The Prisoner‘s protagonist, the man known as Number 6, infamously declares, “I will not be pushed, filed, stamped, indexed, briefed, debriefed or numbered. My life is my own,” before resigning his job at a British intelligence agency and just before he is awakened on a mysterious and surreal island where his identity is reduced to a mere number. Number 6’s even more infamous declaration, “I am not a number. I am a free man,” is a nice parallel to the seeming declaration of autonomy that gamers seek to define themselves by but that games like Bioshock (with its assertion that the player is always following the rules, even when he thinks he is acting independently) seems to deny. Thus, simply retelling the story of The Prisoner in Device 6 might seem a less than innovative approach to this theme of power. We’ve heard this story of power before.
However, all of these games, Portal and Bioshock among others, nevertheless, remain centralized in their focus on the player and the significance of his actions. While neither Jack, nor Chell can be seen onscreen in their game, as both games feature a first person style of play, the personal nature of exploring the world is still emphasized by playing behind the eyes of the “hero” of their respective stories. Even if they aren’t “there,” there is no doubt who Prince Hamlet is in these stories, the player themselves struggling to succeed within the systems of puzzles and combat provided by the game. Sure, the player has fallen for the illusion of a game world that can be impacted by his choices. Still though, the play belongs to the player. The heroic attempt to progress through the story’s challenges may remain a noble effort at the very least.
And this is where the experience of Device 6 takes a turn from the typical “game about games.” Indeed, what Device 6 does by immediately numbering you, the player, in the game itself (the game initially “scans” your face and declares that you are “Player249”) is recognize the still lingering narcissistic viewpoint that games provide players, even those games that seemingly humble the player by acknowledging that to play within a rule system is to submit to it. For even if Jack and Chell are subject to the will of Fontaine or GlaDOS, still they heroically defeat these emblems of authority in the closing sequences of their games. They are unique snowflakes, chosen heroes (And, after all, chosen ones are chosen. Their will is not altogether their own. Their destiny is to be a hero, not as a result of their choice. Still though, they are heroes) that are still important in the grand theme of things somehow.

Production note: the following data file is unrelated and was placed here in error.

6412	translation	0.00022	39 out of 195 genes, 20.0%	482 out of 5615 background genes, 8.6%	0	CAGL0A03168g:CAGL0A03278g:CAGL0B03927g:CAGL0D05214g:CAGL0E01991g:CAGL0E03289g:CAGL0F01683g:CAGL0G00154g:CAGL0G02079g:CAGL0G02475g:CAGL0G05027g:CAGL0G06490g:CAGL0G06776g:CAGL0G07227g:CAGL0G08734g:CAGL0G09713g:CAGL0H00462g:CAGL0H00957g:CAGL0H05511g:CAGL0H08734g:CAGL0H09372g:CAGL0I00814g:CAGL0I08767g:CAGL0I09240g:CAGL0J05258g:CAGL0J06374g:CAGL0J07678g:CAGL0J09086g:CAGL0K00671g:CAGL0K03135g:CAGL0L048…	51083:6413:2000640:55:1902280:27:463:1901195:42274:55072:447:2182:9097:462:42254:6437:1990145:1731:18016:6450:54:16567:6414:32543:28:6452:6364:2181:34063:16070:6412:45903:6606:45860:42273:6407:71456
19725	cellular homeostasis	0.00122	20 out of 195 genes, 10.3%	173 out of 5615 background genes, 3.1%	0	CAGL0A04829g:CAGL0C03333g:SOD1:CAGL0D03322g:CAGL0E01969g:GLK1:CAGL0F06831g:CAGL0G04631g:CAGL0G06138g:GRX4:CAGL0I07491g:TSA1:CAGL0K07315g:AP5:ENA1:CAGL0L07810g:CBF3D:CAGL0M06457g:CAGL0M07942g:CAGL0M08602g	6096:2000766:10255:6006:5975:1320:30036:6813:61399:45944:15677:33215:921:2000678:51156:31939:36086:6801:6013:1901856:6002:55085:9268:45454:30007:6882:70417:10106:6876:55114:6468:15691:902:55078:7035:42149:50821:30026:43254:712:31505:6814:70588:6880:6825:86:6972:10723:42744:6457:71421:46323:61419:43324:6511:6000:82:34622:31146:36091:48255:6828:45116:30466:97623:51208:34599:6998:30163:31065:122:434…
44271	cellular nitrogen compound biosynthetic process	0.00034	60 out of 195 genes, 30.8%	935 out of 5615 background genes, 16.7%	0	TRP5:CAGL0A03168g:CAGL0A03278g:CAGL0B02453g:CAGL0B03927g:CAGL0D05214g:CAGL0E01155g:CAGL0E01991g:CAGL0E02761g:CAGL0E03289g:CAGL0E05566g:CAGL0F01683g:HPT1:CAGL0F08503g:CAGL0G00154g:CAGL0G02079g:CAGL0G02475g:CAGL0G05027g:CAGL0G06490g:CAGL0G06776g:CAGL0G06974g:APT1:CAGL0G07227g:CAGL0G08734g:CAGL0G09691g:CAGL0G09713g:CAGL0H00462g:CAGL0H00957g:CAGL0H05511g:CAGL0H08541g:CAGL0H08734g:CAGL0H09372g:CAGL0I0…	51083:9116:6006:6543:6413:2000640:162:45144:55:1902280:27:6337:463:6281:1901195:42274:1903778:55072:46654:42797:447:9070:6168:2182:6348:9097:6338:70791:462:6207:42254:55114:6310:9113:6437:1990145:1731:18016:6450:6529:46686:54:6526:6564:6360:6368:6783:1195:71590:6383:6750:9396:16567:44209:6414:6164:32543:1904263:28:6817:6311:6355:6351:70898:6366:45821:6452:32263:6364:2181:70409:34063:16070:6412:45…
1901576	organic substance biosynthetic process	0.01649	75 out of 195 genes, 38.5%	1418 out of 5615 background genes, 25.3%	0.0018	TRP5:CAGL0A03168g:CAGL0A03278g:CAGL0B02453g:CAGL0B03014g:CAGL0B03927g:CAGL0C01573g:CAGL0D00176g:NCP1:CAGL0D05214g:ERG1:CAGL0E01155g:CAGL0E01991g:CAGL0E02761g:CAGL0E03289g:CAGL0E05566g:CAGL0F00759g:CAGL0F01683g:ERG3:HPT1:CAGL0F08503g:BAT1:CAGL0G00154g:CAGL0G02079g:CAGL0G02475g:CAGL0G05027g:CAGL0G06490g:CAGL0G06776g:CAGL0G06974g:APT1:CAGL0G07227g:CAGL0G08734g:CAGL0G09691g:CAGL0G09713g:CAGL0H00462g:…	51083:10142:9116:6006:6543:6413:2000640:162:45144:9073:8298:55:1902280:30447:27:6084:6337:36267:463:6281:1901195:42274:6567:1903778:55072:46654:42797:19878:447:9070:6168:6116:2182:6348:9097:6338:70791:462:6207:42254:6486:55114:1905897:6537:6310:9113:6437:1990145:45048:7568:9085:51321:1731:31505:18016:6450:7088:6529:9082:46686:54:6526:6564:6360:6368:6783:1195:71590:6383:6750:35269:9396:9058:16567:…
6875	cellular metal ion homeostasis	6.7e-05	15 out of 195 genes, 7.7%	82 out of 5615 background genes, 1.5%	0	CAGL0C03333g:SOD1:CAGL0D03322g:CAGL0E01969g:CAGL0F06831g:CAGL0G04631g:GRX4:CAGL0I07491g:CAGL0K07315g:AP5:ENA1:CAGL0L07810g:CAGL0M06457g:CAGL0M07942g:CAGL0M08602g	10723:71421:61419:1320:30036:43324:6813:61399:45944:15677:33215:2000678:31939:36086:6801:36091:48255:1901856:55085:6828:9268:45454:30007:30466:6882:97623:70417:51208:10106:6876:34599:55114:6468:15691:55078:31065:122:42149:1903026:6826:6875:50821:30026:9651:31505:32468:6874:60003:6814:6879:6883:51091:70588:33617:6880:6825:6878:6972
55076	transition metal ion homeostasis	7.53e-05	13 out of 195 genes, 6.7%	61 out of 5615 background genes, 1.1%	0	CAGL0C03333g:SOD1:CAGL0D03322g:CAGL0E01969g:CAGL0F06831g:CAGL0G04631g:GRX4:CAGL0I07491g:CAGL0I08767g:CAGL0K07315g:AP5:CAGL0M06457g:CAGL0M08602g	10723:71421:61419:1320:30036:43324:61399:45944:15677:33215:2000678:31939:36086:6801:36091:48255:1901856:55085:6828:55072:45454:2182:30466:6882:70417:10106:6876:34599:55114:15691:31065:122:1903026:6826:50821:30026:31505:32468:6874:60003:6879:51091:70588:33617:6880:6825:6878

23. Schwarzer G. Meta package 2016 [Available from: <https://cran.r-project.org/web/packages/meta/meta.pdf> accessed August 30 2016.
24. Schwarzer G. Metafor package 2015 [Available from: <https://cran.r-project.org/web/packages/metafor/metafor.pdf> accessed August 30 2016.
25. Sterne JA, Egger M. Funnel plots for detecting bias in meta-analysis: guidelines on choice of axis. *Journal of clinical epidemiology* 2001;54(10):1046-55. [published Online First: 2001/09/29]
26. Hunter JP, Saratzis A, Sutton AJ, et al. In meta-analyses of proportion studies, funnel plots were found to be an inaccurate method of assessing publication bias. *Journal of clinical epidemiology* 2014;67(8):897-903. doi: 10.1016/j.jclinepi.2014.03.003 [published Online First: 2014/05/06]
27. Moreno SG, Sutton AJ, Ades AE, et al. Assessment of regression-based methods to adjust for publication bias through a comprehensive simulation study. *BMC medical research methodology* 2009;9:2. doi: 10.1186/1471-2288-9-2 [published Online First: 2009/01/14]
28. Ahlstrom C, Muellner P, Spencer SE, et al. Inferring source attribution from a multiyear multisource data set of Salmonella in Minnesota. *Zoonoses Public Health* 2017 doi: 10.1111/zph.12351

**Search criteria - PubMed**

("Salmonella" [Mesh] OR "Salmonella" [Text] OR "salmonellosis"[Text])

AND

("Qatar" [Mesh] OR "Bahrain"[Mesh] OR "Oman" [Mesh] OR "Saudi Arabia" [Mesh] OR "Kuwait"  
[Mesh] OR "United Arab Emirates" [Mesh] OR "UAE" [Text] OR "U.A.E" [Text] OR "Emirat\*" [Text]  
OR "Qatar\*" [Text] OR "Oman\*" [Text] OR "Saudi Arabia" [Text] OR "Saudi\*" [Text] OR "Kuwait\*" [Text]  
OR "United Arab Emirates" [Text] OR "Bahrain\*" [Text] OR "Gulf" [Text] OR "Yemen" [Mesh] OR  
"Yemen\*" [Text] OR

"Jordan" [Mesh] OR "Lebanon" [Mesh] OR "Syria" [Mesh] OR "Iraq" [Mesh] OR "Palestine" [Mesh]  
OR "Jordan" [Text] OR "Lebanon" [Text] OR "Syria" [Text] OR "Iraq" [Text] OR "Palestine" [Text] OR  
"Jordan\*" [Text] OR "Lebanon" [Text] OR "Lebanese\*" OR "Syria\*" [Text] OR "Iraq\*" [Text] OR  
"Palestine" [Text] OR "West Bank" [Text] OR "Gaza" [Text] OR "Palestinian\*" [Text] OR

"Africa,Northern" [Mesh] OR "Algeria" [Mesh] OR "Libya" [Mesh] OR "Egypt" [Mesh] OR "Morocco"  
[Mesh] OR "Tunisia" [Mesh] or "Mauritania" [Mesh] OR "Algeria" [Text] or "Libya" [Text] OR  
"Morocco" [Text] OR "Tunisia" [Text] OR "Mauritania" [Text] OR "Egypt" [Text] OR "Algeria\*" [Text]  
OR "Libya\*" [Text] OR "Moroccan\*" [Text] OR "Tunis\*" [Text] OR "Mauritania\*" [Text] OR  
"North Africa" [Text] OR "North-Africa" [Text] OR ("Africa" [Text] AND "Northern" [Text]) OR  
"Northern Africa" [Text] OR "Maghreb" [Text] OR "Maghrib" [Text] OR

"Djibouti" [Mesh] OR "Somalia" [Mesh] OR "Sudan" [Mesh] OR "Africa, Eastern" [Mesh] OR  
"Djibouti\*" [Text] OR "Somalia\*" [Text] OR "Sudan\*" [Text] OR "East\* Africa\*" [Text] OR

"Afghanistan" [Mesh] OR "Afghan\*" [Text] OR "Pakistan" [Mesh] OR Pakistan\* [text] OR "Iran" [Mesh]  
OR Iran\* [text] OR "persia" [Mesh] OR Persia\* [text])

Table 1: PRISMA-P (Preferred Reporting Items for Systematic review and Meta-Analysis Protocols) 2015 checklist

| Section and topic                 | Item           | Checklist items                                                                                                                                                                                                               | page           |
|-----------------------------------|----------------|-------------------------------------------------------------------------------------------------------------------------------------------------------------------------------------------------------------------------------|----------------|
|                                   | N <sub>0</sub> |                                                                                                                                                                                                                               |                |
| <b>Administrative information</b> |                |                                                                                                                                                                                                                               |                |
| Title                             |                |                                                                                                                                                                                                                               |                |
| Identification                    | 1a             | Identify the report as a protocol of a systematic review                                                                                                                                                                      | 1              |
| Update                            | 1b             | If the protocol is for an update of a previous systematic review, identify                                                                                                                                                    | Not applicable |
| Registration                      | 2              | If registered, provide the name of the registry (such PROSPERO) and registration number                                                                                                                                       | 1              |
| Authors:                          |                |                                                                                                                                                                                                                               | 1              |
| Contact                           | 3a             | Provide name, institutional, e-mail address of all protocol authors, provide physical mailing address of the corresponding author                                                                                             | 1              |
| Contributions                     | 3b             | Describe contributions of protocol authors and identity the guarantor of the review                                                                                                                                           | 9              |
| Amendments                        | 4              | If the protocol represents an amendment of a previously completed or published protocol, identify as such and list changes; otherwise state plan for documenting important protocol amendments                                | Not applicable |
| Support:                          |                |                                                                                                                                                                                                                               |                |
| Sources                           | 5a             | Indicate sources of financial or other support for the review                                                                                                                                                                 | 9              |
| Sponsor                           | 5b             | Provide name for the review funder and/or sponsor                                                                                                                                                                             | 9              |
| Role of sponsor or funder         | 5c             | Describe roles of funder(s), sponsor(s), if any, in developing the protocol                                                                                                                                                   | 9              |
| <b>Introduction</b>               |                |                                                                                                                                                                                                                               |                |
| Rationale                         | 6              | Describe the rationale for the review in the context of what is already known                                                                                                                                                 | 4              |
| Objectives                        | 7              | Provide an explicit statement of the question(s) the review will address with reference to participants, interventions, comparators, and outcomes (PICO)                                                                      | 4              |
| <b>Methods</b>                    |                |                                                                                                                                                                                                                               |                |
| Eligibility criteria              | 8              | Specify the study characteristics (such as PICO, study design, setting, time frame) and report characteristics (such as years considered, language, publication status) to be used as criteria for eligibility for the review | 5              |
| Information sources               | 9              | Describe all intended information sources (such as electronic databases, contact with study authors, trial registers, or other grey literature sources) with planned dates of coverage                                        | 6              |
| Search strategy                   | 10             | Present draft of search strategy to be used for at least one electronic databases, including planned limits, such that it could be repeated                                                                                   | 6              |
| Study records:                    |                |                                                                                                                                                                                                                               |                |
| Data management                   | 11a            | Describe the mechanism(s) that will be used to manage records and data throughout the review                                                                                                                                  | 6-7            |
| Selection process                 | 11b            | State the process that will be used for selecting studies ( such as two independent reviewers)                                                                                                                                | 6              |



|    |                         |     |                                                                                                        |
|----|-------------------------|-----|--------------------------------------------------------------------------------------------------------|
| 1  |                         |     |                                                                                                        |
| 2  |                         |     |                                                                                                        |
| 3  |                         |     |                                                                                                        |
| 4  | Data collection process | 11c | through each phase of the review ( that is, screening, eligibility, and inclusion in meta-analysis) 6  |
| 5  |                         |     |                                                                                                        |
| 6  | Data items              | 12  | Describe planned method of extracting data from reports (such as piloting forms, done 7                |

This may be the ultimate solipsism of video games, the promise that each one of us can be a hero, that each of us is, in fact, Prince Hamlet, whether we chose to be or not, as we save the world or the princess, thanks in part to our own unique effort—an effort taken on by hundreds and thousands of players who feel uniquely chosen themselves. And that’s the rub. That’s the recognition that Device 6 provides the player and that differentiates it from the other “games about games.”
This horrific message about the irony of the ability to have a unique and special experience of our own as a result of heroic action in the simulation is rather playfully declared in the fifth chapter of Device 6. The player in that chapter reads how Anna, the character that he is playing as, encounters a robot pop singer who serenades her with a song that contains the following lyrics:
A perfect snowflake
Our needle in the hay
A four-leaf clover
on a lovely summer’s day
That’s Anna, sweet Anna
Dreams are coming true
One in a million, that is you
Now this is the song that Anna and the player hear the robot sing. However, the lyrics accompany the song and can be read as the robot sings them. The most significant thing to note in the transcribed version of the lyrics, which actually isn’t a transcription, but seems instead to be instructions to the robot on what to sing to Anna, is that the line “That’s Anna, sweet Anna” actually reads something like “That’s [insert Player248 name], sweet [insert Player248 name].” The irony that the song wishes to point out to Anna, to the player, her uniqueness (“perfect snowflake”), unusual nature (“needle in the hay,” “four-leaf clover”) in a song that can be tailored to any of hundreds of similarly “unique” players gets at the heart of the illusion of the significance, not merely of the freedom, of the player that games provide. Games grand illusion may not be that we are “free men,” but that we are “special men.”
If you, like me, have played a lot of video games, then you, like me, have saved the world countless times, have saved princesses, have stormed castles, have reshaped history countless times. One in a million, that is you.